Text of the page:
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Effect of prefeeding lipid on food intake and satiety in man.
  1. C P Sepple,
  2. N W Read
  1. Sub-department of Gastrointestinal Physiology and Nutrition, University of Sheffield, Royal Hallamshire Hospital.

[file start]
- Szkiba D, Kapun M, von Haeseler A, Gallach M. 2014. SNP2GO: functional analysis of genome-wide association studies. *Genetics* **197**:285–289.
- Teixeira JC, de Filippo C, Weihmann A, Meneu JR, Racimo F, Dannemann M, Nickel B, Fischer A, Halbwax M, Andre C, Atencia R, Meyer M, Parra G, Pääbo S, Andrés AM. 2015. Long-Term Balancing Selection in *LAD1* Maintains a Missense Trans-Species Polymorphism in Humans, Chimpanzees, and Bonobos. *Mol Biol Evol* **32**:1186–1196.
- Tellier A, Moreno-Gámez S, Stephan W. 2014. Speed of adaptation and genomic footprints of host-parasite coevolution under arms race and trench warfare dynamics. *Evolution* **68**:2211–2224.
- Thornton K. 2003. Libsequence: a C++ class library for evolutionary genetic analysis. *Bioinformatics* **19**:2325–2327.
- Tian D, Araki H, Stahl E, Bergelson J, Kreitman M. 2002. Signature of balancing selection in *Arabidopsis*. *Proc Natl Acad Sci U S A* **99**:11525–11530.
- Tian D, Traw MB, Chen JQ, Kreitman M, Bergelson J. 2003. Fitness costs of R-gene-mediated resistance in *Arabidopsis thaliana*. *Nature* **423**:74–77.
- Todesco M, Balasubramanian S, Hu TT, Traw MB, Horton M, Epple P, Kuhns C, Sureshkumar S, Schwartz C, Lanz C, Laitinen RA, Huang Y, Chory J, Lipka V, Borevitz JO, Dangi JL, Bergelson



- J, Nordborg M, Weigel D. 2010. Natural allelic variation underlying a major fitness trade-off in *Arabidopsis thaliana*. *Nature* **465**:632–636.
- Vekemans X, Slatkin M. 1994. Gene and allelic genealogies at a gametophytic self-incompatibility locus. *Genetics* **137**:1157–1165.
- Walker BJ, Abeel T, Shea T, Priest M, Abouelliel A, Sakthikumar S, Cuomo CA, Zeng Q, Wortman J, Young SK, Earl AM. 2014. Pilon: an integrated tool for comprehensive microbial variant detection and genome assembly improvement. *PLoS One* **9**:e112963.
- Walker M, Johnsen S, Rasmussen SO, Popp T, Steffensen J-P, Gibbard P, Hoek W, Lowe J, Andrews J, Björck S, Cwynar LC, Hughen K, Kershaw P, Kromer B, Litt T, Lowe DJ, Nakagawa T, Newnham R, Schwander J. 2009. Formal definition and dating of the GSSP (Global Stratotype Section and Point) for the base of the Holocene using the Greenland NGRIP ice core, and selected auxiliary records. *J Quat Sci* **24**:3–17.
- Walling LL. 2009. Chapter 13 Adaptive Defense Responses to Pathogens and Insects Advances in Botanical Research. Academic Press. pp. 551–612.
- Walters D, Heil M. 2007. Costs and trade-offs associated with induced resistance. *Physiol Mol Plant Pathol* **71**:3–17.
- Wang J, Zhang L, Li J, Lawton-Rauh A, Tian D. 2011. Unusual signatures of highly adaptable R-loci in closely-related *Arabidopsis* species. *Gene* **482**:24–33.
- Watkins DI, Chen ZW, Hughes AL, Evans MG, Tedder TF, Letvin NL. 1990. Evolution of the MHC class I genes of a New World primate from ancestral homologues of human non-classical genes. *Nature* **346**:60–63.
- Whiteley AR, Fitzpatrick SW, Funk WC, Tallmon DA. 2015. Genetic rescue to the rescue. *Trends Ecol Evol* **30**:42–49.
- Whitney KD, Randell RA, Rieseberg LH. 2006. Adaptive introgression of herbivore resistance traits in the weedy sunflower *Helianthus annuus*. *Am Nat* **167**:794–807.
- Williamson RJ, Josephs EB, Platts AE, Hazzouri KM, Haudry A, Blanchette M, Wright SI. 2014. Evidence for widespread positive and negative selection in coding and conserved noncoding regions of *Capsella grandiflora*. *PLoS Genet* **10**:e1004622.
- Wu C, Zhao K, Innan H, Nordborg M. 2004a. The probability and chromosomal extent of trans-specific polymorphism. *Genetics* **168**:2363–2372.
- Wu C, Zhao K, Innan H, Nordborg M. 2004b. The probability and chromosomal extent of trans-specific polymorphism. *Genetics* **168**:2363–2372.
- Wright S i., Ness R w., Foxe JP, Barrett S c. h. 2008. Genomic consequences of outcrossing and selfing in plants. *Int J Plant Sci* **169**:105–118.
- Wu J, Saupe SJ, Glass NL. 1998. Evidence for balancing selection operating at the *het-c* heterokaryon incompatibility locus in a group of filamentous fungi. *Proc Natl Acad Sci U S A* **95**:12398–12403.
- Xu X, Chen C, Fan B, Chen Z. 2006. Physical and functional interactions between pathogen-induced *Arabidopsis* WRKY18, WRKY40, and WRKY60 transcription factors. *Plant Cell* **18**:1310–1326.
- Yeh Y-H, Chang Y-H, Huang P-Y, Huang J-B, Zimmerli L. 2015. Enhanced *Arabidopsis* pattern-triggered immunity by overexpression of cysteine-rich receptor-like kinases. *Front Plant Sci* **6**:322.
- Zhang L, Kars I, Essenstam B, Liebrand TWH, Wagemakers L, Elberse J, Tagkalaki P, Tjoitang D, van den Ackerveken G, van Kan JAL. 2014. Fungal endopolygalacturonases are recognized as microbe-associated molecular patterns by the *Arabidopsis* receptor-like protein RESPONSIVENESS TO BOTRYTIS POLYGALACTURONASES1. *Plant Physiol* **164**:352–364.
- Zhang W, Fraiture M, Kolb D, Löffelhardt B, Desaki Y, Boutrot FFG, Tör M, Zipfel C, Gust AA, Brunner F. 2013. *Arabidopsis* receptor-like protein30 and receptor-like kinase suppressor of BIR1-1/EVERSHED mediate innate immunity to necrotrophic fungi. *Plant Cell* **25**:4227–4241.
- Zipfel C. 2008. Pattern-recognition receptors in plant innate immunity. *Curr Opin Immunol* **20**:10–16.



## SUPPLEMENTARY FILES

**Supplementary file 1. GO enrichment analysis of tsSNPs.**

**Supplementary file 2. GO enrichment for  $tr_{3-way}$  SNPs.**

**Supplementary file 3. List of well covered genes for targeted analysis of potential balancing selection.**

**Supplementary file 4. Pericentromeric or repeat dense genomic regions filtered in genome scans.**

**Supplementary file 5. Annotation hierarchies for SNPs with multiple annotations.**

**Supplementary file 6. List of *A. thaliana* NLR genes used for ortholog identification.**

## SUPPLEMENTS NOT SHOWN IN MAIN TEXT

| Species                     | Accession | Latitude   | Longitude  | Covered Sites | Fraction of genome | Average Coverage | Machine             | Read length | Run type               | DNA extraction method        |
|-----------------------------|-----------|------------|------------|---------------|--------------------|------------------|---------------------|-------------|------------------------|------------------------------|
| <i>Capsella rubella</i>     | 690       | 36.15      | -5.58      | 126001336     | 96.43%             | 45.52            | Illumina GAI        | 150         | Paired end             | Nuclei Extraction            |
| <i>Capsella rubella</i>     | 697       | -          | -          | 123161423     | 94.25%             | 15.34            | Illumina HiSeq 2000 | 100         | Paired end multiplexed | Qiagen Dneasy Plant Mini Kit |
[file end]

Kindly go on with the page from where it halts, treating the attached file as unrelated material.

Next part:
Experiments were carried out in normal volunteers to investigate whether preingestion of lipid reduces food intake. In the first set of experiments, 300 ml beef consomme soup with or without 60 g margarine was fed to each of six volunteers, followed 20 minutes later by either a low fat solid meal or a preselected appetising meal. Subjects were allowed to eat as much of the meal as they wished. Preingestion of the high fat soup had no significant effect on the consumption of either of the solid meals and did not influence sensations of hunger or fullness. As we have previously shown that prefeeding a fatty soup delays gastric emptying of a subsequent meal, this suggests that gastric distension may play a relatively minor role in regulating food intake. In the second set of experiments, we studied the effect of ingesting either a high fat breakfast (65 g fat, 927 kcal) or a similar low fat breakfast (8-1 g fat, 418 kcal) on the consumption of a preselected appetising lunch in six healthy volunteers. The high fat breakfast significantly reduced the amount of the meal eaten at lunchtime (p less than 0.02), the total energy intake from the meal (p less than 0.05) and the rate of eating (p less than 0.05) compared with the low fat breakfast. When the subjects were presented with their lunchtime meal they felt significantly less hungry after the high fat breakfast (p less than 0.05). Only a small proportion of either meal (15% of the high fat meal v 12% of the low fat meal) remained in the stomach and plasma glucose concentrations had returned to fasting levels. Plasma triglyceride concentrations were much higher at lunchtime after ingestion of the high fat breakfast (p<0.001). The energy intake from the breakfast and lunch combined was not significantly different on the high fat breakfast day, indicating that the energy consumption at lunch compensates for the amount eaten at breakfast. These results are compatible with the concept that the interaction of nutrients with small intestinal receptors may play a part in limiting food intake.

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